A workable approach for modernization of existing software into parallel/distributed applications is through coarse-grain restructuring. If, for instance, entire subroutines of legacy code can be plugged into a new structure, the investment required for the re-discovery of the details of what they do can be spared. The resulting renovated software can then take advantage of the improved performance offered by modern parallel/distributed computing environments, without rethinking or rewriting the bulk of their existing code. Our approach is simple and is in fact a cut-and-paste method. First we try to identify and isolate components in the legacy source code (the cut). Second, we glue them together by writing coordinator modules (glue modules) with the help of a coordination language (the paste). We have used Manifold as the glue language. Manifold is a general purpose coordination language developed at CWI(Centrum voor Wiskunde en Informatica) in the Netherlands and is specially designed to express cooperation protocols among components in component based systems. Our point of departure is two different pieces of existing sequential Fortran code from computational fluid dynamics (CFD). The first Fortran source code deals with a standard CFD problem solved with the so-called sparse-grid method and the other solves the same problem but now with the so-called semi-sparse-grid method. Applying our cut-and-paste method to these two programs results in {em one generally applicable coordinator module that can restructure both sequential programs into parallel applications (which now run on a shared memory machine) as well as distributed applications (which now run on a cluster of workstations). Before we give the actual restructuring of the two sequential programs, we first test the coordinator module with a simplified ``toy'' example. We also give some performance results.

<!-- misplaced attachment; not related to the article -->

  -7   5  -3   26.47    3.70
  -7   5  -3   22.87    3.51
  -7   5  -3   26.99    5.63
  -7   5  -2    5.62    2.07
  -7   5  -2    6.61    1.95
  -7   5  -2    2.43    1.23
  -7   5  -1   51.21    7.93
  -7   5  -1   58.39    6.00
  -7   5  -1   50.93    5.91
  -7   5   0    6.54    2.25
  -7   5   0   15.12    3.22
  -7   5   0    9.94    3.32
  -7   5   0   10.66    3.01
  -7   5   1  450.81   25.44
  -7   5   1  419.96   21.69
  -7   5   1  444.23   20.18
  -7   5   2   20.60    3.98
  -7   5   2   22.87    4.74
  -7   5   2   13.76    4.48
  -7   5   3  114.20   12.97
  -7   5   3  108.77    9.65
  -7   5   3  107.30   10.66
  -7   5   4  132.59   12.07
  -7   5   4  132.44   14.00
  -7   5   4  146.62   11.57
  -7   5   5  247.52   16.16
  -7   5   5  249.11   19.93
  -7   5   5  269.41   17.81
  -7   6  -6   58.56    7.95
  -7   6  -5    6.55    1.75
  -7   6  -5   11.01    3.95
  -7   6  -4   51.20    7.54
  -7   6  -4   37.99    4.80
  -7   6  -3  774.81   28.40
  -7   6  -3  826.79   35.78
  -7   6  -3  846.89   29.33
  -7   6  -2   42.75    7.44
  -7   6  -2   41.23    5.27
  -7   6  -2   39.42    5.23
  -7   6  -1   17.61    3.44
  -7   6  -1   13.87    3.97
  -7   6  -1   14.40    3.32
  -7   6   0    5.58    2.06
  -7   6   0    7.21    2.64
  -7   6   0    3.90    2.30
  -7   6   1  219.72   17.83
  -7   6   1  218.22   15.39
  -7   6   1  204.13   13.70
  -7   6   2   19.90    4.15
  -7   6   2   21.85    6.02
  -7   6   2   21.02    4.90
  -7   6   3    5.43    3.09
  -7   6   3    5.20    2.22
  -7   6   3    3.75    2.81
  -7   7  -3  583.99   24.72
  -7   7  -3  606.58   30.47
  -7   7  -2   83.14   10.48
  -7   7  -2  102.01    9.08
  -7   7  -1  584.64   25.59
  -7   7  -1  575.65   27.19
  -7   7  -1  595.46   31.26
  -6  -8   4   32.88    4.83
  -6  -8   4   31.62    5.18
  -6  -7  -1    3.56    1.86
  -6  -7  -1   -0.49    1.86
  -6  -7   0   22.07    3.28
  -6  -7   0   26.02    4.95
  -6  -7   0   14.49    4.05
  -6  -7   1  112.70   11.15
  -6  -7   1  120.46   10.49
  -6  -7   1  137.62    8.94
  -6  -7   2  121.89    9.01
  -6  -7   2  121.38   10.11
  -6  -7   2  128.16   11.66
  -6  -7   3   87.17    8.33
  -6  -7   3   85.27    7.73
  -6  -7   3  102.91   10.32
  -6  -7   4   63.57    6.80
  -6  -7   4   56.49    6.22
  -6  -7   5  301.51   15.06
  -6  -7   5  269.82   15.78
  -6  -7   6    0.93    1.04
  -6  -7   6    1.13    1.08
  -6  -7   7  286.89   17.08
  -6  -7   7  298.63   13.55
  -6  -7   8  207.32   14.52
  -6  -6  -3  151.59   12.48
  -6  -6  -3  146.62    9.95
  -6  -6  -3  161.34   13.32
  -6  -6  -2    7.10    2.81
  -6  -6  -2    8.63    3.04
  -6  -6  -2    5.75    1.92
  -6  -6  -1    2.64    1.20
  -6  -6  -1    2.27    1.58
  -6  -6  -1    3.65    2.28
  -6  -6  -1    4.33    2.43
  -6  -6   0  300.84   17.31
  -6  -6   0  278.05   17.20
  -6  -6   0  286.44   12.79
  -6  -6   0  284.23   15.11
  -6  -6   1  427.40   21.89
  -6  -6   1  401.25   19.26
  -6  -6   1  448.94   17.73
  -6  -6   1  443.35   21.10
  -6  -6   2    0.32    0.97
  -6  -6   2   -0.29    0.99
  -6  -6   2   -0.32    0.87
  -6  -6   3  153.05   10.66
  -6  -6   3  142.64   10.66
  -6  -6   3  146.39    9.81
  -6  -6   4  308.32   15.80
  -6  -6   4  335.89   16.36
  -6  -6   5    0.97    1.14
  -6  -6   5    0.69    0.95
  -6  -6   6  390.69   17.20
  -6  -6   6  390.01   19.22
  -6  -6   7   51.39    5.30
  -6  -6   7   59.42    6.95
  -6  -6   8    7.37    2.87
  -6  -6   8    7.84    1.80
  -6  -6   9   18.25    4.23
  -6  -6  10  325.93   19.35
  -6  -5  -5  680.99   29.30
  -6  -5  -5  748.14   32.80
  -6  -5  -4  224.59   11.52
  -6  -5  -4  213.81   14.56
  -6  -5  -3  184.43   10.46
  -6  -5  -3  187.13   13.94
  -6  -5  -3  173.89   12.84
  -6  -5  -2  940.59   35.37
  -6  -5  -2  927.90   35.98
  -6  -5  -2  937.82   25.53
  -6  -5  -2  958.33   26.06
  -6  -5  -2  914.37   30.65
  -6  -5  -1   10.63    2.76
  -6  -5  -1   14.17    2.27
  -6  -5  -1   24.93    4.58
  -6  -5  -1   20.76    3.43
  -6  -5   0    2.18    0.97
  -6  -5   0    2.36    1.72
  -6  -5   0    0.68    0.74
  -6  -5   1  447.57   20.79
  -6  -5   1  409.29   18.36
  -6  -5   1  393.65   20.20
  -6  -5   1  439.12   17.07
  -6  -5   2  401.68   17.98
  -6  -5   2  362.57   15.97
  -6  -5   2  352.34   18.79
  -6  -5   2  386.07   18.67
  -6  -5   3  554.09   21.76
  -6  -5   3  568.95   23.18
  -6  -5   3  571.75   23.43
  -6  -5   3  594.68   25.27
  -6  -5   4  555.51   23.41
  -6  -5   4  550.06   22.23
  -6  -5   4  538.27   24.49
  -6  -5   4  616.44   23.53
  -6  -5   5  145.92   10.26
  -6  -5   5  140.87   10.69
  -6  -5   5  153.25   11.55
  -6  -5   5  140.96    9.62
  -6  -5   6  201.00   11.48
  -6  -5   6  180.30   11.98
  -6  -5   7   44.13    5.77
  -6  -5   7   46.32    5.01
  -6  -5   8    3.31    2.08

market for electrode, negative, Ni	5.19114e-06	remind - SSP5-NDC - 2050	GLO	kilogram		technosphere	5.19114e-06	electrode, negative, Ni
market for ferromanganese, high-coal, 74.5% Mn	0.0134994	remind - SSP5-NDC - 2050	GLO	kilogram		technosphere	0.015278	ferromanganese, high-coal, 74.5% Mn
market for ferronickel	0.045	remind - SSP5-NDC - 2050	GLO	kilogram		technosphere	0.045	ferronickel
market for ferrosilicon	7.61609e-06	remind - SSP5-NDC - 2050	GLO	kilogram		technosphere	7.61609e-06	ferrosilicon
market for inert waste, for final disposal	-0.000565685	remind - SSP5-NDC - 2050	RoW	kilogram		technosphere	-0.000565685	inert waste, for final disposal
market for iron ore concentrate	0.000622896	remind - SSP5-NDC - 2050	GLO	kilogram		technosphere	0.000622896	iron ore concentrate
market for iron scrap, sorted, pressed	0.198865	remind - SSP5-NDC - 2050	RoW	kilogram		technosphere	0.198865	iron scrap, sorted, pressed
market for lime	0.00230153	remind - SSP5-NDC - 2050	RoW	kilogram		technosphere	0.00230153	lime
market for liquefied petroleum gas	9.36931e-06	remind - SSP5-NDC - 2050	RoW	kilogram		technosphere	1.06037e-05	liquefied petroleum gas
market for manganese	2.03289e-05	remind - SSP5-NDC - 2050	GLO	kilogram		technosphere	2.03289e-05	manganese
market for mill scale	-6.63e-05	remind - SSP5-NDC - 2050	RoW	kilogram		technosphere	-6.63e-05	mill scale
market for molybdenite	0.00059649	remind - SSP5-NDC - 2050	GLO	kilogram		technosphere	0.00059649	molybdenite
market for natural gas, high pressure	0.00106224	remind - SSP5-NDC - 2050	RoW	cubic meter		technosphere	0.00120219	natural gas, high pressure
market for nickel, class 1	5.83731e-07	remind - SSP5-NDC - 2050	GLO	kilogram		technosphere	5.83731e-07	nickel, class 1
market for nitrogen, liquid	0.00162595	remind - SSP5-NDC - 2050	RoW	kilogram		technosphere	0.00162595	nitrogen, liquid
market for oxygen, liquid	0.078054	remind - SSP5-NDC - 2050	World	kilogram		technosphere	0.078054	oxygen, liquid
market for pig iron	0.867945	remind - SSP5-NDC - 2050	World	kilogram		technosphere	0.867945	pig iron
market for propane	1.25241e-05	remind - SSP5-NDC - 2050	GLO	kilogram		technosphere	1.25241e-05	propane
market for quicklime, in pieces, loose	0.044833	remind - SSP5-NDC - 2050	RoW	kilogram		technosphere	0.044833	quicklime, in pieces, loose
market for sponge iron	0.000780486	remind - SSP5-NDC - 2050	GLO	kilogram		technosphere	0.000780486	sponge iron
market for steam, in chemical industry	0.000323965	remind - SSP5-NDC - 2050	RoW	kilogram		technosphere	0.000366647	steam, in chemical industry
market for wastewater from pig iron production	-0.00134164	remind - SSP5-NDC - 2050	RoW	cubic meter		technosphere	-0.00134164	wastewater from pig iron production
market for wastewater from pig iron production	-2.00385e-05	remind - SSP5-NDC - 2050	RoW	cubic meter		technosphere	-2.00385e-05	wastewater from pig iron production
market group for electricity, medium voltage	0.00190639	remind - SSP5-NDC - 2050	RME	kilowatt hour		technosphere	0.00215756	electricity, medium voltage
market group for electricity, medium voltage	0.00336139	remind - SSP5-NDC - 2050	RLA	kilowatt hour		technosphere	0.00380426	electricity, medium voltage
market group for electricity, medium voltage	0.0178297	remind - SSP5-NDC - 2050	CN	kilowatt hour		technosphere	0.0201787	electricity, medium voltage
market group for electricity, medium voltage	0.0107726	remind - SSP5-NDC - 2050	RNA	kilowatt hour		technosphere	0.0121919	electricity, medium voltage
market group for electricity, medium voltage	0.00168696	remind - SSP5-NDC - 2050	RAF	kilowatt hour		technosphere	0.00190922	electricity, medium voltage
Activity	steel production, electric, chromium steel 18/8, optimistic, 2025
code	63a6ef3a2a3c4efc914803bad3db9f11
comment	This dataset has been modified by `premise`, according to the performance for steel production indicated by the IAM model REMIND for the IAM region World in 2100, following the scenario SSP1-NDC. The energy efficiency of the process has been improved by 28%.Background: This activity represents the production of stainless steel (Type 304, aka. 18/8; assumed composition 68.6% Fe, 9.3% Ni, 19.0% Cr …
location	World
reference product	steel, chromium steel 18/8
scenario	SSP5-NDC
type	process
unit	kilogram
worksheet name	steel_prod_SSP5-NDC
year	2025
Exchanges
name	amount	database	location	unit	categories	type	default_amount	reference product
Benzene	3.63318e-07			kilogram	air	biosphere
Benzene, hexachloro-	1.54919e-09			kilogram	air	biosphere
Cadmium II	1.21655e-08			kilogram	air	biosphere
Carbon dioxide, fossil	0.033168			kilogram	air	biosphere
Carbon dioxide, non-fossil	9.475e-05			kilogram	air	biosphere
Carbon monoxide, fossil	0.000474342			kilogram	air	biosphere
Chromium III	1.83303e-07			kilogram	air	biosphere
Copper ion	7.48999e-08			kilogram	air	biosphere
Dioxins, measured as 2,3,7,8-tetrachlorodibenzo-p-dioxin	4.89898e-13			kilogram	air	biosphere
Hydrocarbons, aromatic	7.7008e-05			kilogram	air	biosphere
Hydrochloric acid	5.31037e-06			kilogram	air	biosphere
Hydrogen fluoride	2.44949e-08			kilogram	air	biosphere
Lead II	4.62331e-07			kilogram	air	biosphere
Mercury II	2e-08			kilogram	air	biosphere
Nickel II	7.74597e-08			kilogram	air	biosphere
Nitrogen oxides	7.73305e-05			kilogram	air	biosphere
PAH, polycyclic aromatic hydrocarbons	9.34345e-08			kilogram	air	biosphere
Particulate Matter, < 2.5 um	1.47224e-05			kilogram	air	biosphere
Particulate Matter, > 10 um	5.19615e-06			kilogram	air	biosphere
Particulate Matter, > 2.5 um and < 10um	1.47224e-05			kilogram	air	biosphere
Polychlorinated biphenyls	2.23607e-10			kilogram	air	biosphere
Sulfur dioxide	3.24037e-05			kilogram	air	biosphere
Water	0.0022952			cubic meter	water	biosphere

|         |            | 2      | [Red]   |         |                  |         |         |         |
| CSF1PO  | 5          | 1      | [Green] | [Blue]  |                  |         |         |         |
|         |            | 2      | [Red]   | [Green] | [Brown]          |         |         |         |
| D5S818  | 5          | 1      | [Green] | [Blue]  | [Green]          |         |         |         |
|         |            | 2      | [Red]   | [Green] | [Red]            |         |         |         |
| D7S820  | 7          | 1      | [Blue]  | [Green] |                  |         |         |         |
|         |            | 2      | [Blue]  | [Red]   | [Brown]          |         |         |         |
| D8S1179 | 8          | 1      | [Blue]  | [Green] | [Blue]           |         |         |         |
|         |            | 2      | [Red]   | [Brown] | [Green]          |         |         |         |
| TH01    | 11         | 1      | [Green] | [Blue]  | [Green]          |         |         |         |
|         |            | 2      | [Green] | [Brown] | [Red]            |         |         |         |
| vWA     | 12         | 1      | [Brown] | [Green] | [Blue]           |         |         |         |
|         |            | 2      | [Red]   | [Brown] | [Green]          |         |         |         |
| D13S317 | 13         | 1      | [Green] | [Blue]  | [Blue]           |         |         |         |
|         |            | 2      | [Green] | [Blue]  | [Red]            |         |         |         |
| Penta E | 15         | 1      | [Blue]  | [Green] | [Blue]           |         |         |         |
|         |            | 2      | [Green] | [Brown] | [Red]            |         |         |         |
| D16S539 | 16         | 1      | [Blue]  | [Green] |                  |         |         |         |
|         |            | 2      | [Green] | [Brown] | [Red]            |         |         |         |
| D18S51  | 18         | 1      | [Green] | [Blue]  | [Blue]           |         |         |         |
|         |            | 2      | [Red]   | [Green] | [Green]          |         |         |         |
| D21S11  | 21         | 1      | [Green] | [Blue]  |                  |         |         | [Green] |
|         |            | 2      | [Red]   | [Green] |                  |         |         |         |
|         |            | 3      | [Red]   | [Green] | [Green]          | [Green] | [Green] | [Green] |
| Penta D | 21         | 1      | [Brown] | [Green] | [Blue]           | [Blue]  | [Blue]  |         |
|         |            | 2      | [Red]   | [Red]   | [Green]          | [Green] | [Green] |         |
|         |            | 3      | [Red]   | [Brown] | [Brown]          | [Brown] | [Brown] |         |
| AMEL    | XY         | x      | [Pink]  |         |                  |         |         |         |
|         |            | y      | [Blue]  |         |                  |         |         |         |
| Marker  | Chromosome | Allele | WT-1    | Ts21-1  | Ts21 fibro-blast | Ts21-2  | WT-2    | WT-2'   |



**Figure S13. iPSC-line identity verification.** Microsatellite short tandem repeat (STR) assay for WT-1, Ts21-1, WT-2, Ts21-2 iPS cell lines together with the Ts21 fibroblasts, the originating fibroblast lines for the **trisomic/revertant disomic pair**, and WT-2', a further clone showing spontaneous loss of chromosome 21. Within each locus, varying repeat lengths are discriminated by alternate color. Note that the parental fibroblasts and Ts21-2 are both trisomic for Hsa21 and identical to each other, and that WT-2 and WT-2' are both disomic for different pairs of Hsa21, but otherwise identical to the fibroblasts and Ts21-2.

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Software Engineering [SEN]
Computer Security

Everaars, K., Arbab, F., & Koren, B. (2000). Parallel, distributed-memory implementation of sparse-grid methods for three-dimensional fluid-flow computations. Software Engineering [SEN]. CWI.